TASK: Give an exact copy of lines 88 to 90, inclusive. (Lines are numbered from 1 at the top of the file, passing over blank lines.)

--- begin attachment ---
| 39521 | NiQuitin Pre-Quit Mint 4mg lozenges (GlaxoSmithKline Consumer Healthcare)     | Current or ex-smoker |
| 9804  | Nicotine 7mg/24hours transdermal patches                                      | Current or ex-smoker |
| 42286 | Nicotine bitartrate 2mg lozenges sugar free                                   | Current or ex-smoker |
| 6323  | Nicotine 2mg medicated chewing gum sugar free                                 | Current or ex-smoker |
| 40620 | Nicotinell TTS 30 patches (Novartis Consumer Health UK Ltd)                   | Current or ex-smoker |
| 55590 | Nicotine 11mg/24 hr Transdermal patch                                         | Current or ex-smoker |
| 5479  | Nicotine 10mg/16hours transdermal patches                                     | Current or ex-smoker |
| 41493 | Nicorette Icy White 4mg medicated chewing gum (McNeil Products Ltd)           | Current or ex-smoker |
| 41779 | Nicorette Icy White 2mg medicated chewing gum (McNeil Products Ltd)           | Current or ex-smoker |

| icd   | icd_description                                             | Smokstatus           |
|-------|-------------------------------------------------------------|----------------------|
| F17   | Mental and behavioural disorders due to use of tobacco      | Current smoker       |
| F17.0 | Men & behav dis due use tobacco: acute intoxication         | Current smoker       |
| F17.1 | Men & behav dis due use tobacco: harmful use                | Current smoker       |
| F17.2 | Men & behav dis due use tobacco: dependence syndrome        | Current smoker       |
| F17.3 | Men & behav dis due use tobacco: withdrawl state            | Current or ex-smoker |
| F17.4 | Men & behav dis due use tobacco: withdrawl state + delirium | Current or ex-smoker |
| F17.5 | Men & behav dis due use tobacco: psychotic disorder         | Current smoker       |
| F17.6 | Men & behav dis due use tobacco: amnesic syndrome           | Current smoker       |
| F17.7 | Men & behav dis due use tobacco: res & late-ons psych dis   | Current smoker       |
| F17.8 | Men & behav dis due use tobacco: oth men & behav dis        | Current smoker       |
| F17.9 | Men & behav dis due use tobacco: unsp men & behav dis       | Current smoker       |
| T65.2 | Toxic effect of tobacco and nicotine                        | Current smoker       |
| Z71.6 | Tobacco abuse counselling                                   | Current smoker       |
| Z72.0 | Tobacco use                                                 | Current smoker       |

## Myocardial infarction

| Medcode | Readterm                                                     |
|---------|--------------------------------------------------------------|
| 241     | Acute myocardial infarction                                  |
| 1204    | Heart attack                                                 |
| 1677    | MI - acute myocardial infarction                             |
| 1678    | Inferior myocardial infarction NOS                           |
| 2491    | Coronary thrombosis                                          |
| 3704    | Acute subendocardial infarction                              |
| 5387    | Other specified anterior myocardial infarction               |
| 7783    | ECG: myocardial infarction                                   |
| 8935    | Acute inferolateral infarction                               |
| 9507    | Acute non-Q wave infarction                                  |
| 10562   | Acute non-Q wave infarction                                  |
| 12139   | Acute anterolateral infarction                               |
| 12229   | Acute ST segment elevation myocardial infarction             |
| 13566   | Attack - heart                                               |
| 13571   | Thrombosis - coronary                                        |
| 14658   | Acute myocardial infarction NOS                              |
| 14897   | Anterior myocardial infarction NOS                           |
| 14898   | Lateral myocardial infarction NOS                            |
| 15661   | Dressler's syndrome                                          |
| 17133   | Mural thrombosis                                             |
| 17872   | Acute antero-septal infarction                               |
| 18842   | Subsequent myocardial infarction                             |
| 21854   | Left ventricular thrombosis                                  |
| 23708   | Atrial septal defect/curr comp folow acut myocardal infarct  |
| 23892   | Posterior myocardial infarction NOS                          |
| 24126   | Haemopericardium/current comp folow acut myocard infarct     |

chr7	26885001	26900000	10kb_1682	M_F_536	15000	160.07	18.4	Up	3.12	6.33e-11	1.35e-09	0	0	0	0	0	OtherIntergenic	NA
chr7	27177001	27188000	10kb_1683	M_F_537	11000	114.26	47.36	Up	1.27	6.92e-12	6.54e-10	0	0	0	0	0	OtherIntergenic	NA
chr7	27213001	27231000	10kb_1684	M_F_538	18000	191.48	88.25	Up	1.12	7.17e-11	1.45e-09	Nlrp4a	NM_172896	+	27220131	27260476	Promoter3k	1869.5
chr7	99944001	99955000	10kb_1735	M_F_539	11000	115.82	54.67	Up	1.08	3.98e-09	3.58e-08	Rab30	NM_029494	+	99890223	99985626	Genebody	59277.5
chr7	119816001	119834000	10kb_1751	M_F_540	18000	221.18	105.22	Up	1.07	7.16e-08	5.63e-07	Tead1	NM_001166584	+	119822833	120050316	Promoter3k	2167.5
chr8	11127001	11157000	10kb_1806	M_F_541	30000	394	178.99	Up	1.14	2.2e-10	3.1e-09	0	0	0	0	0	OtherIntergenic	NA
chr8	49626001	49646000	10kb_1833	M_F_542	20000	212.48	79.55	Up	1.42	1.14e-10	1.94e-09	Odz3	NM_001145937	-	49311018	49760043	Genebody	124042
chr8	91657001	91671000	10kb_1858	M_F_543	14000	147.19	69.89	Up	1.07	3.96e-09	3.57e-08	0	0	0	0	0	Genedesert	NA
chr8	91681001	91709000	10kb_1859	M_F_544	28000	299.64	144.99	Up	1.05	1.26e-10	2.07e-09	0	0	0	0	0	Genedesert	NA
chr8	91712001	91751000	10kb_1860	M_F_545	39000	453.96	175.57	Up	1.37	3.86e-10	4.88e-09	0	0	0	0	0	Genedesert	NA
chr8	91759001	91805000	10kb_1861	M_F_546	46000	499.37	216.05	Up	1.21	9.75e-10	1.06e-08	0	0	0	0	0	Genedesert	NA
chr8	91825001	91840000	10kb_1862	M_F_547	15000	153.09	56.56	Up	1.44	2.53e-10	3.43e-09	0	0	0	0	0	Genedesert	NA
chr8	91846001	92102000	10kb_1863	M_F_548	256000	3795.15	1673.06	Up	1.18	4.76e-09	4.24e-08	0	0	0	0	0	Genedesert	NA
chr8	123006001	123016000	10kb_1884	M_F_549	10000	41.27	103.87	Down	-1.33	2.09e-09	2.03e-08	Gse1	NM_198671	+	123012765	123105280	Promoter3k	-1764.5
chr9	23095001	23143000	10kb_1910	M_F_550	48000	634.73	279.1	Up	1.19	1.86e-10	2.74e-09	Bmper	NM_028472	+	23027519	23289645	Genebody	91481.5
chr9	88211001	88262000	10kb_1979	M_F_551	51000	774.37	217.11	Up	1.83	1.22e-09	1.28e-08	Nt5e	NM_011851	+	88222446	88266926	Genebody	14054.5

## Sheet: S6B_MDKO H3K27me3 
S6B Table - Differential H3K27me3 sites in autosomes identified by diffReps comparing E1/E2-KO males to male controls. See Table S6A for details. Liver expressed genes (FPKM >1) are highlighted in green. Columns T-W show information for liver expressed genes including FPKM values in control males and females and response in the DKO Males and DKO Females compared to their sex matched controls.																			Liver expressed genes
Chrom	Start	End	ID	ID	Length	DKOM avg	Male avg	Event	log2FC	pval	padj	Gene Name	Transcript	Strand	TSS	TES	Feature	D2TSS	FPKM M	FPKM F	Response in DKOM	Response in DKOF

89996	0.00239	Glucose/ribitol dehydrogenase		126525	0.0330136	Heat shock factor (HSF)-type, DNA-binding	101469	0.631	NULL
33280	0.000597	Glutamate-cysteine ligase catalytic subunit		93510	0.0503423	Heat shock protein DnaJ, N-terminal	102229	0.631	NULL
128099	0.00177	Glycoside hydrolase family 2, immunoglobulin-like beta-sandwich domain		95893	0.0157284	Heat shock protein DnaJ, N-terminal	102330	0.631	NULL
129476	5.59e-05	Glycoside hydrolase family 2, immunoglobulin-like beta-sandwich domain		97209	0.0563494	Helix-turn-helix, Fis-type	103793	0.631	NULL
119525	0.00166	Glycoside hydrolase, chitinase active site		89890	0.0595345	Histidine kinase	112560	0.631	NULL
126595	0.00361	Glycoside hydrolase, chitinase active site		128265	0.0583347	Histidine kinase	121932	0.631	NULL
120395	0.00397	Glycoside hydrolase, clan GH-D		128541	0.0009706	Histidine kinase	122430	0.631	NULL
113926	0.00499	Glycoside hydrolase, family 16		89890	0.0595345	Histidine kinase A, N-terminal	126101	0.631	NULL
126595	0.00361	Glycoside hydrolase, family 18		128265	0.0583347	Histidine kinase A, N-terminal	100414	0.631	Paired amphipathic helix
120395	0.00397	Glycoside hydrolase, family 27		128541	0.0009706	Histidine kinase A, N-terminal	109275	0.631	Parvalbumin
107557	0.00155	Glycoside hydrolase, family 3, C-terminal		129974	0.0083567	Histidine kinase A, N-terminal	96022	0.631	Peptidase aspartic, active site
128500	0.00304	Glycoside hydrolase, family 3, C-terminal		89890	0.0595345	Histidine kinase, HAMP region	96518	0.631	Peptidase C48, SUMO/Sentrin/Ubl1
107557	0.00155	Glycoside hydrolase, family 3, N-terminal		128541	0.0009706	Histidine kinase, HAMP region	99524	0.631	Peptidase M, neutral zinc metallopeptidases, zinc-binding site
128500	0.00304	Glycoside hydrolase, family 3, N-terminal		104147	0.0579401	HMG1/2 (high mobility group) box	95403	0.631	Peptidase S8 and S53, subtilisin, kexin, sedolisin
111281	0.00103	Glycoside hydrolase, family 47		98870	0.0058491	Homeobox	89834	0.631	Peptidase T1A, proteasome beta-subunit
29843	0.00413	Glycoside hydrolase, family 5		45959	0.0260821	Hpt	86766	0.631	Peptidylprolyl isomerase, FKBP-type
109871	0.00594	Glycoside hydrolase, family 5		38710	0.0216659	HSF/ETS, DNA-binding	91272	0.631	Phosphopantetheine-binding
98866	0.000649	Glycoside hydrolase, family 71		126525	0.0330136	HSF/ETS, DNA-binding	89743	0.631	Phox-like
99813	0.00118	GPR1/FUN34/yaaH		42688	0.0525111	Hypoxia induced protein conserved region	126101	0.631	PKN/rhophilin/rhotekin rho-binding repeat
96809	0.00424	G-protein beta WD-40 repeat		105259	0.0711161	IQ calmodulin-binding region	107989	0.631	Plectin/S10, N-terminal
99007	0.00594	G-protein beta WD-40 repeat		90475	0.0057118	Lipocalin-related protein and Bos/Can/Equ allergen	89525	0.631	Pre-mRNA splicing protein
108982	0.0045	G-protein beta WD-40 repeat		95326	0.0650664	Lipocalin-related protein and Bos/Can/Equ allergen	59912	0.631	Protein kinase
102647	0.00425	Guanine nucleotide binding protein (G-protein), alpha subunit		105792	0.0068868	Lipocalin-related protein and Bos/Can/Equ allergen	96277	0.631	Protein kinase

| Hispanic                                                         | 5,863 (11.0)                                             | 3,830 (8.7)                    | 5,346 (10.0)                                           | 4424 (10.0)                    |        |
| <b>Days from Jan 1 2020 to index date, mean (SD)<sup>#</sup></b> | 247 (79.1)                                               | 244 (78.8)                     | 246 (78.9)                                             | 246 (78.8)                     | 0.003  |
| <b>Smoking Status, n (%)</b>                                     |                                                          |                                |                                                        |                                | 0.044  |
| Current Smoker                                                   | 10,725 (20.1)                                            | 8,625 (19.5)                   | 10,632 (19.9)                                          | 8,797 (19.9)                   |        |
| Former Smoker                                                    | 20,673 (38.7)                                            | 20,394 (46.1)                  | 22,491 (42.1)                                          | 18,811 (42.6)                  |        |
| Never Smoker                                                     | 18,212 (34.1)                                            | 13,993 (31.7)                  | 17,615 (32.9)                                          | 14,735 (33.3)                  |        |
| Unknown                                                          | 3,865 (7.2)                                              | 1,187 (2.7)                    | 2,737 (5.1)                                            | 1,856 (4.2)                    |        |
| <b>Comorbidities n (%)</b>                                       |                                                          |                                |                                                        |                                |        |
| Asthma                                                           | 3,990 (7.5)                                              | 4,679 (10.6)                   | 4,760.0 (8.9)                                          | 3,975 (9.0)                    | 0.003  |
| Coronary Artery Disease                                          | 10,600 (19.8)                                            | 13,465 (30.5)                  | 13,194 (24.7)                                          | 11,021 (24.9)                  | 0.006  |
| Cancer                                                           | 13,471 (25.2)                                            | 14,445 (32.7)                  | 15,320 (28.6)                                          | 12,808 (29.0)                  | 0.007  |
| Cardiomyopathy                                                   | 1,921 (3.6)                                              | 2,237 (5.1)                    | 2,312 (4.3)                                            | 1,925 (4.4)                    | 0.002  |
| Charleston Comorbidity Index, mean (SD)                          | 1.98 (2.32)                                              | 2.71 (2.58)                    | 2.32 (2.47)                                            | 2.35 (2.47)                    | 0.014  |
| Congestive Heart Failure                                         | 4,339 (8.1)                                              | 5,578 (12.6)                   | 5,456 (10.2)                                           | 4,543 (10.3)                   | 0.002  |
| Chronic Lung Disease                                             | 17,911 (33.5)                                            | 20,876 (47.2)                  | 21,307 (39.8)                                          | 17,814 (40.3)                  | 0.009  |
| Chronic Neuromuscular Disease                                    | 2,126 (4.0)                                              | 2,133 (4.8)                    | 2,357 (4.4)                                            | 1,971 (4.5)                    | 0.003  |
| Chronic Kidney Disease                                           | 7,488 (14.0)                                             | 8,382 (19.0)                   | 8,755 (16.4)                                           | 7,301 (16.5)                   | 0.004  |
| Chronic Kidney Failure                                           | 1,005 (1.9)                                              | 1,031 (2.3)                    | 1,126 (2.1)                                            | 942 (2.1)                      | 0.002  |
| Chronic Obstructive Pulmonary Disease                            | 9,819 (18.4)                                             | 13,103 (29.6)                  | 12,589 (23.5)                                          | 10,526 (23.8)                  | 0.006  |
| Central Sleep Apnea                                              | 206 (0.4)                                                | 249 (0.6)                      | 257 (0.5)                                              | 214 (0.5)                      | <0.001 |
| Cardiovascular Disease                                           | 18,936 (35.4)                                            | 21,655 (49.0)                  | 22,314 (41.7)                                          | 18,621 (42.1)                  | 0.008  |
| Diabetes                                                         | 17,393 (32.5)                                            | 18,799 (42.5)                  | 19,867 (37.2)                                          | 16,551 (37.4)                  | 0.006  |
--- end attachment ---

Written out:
111281	0.00103	Glycoside hydrolase, family 47		98870	0.0058491	Homeobox	89834	0.631	Peptidase T1A, proteasome beta-subunit
29843	0.00413	Glycoside hydrolase, family 5		45959	0.0260821	Hpt	86766	0.631	Peptidylprolyl isomerase, FKBP-type
109871	0.00594	Glycoside hydrolase, family 5		38710	0.0216659	HSF/ETS, DNA-binding	91272	0.631	Phosphopantetheine-binding